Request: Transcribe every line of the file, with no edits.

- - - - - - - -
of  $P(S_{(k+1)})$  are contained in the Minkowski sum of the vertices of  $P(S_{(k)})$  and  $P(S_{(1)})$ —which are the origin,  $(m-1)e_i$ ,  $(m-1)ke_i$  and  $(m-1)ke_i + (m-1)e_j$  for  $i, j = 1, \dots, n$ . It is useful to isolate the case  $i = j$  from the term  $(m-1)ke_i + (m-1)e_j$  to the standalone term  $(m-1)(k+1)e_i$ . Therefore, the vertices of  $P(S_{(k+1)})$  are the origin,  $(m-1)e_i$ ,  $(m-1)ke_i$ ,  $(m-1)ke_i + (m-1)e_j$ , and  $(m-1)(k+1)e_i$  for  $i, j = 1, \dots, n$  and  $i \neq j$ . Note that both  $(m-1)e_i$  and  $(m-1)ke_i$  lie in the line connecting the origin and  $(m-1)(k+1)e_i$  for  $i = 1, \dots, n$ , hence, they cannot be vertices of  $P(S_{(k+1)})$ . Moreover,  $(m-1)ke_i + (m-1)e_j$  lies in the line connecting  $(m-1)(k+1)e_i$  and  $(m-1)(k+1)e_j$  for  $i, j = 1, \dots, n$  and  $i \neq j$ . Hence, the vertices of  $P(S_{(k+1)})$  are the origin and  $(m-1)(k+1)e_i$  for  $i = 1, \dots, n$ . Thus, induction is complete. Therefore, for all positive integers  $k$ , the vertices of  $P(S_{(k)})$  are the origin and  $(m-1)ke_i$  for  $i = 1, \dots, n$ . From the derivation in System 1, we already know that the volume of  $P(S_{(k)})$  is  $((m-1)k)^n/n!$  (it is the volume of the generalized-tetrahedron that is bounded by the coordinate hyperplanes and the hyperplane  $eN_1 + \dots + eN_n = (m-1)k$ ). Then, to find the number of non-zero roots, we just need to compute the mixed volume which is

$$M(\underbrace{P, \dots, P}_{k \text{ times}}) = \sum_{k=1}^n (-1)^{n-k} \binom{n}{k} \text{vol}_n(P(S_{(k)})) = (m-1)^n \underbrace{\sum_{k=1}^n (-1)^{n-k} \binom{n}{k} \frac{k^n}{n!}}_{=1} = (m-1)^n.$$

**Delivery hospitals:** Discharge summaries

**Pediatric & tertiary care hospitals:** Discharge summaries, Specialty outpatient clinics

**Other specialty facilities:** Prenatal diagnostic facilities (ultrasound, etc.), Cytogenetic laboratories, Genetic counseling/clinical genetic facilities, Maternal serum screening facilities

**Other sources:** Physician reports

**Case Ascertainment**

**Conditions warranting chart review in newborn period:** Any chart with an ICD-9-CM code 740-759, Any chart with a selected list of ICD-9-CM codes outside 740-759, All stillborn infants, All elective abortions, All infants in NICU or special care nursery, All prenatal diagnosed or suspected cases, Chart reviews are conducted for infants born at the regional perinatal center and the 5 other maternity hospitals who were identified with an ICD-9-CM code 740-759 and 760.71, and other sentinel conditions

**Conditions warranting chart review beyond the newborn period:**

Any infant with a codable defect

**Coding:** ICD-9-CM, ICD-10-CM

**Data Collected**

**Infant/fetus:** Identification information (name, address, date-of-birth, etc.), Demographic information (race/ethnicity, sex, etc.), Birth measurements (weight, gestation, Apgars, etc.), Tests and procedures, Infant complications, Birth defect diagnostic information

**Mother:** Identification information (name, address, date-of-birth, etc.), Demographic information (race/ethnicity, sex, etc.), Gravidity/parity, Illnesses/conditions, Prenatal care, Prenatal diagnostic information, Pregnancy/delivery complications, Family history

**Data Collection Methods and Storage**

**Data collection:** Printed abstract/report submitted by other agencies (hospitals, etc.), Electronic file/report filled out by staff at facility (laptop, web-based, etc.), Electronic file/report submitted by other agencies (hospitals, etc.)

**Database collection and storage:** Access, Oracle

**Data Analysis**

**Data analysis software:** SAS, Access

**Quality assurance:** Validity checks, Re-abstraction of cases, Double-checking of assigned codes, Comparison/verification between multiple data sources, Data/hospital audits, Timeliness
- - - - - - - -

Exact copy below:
of  $P(S_{(k+1)})$  are contained in the Minkowski sum of the vertices of  $P(S_{(k)})$  and  $P(S_{(1)})$ —which are the origin,  $(m-1)e_i$ ,  $(m-1)ke_i$  and  $(m-1)ke_i + (m-1)e_j$  for  $i, j = 1, \dots, n$ . It is useful to isolate the case  $i = j$  from the term  $(m-1)ke_i + (m-1)e_j$  to the standalone term  $(m-1)(k+1)e_i$ . Therefore, the vertices of  $P(S_{(k+1)})$  are the origin,  $(m-1)e_i$ ,  $(m-1)ke_i$ ,  $(m-1)ke_i + (m-1)e_j$ , and  $(m-1)(k+1)e_i$  for  $i, j = 1, \dots, n$  and  $i \neq j$ . Note that both  $(m-1)e_i$  and  $(m-1)ke_i$  lie in the line connecting the origin and  $(m-1)(k+1)e_i$  for  $i = 1, \dots, n$ , hence, they cannot be vertices of  $P(S_{(k+1)})$ . Moreover,  $(m-1)ke_i + (m-1)e_j$  lies in the line connecting  $(m-1)(k+1)e_i$  and  $(m-1)(k+1)e_j$  for  $i, j = 1, \dots, n$  and  $i \neq j$ . Hence, the vertices of  $P(S_{(k+1)})$  are the origin and  $(m-1)(k+1)e_i$  for  $i = 1, \dots, n$ . Thus, induction is complete. Therefore, for all positive integers  $k$ , the vertices of  $P(S_{(k)})$  are the origin and  $(m-1)ke_i$  for  $i = 1, \dots, n$ . From the derivation in System 1, we already know that the volume of  $P(S_{(k)})$  is  $((m-1)k)^n/n!$  (it is the volume of the generalized-tetrahedron that is bounded by the coordinate hyperplanes and the hyperplane  $eN_1 + \dots + eN_n = (m-1)k$ ). Then, to find the number of non-zero roots, we just need to compute the mixed volume which is

$$M(\underbrace{P, \dots, P}_{k \text{ times}}) = \sum_{k=1}^n (-1)^{n-k} \binom{n}{k} \text{vol}_n(P(S_{(k)})) = (m-1)^n \underbrace{\sum_{k=1}^n (-1)^{n-k} \binom{n}{k} \frac{k^n}{n!}}_{=1} = (m-1)^n.$$

**Delivery hospitals:** Discharge summaries

**Pediatric & tertiary care hospitals:** Discharge summaries, Specialty outpatient clinics

**Other specialty facilities:** Prenatal diagnostic facilities (ultrasound, etc.), Cytogenetic laboratories, Genetic counseling/clinical genetic facilities, Maternal serum screening facilities

**Other sources:** Physician reports

**Case Ascertainment**

**Conditions warranting chart review in newborn period:** Any chart with an ICD-9-CM code 740-759, Any chart with a selected list of ICD-9-CM codes outside 740-759, All stillborn infants, All elective abortions, All infants in NICU or special care nursery, All prenatal diagnosed or suspected cases, Chart reviews are conducted for infants born at the regional perinatal center and the 5 other maternity hospitals who were identified with an ICD-9-CM code 740-759 and 760.71, and other sentinel conditions

**Conditions warranting chart review beyond the newborn period:**

Any infant with a codable defect

**Coding:** ICD-9-CM, ICD-10-CM

**Data Collected**

**Infant/fetus:** Identification information (name, address, date-of-birth, etc.), Demographic information (race/ethnicity, sex, etc.), Birth measurements (weight, gestation, Apgars, etc.), Tests and procedures, Infant complications, Birth defect diagnostic information

**Mother:** Identification information (name, address, date-of-birth, etc.), Demographic information (race/ethnicity, sex, etc.), Gravidity/parity, Illnesses/conditions, Prenatal care, Prenatal diagnostic information, Pregnancy/delivery complications, Family history

**Data Collection Methods and Storage**

**Data collection:** Printed abstract/report submitted by other agencies (hospitals, etc.), Electronic file/report filled out by staff at facility (laptop, web-based, etc.), Electronic file/report submitted by other agencies (hospitals, etc.)

**Database collection and storage:** Access, Oracle

**Data Analysis**

**Data analysis software:** SAS, Access

**Quality assurance:** Validity checks, Re-abstraction of cases, Double-checking of assigned codes, Comparison/verification between multiple data sources, Data/hospital audits, Timeliness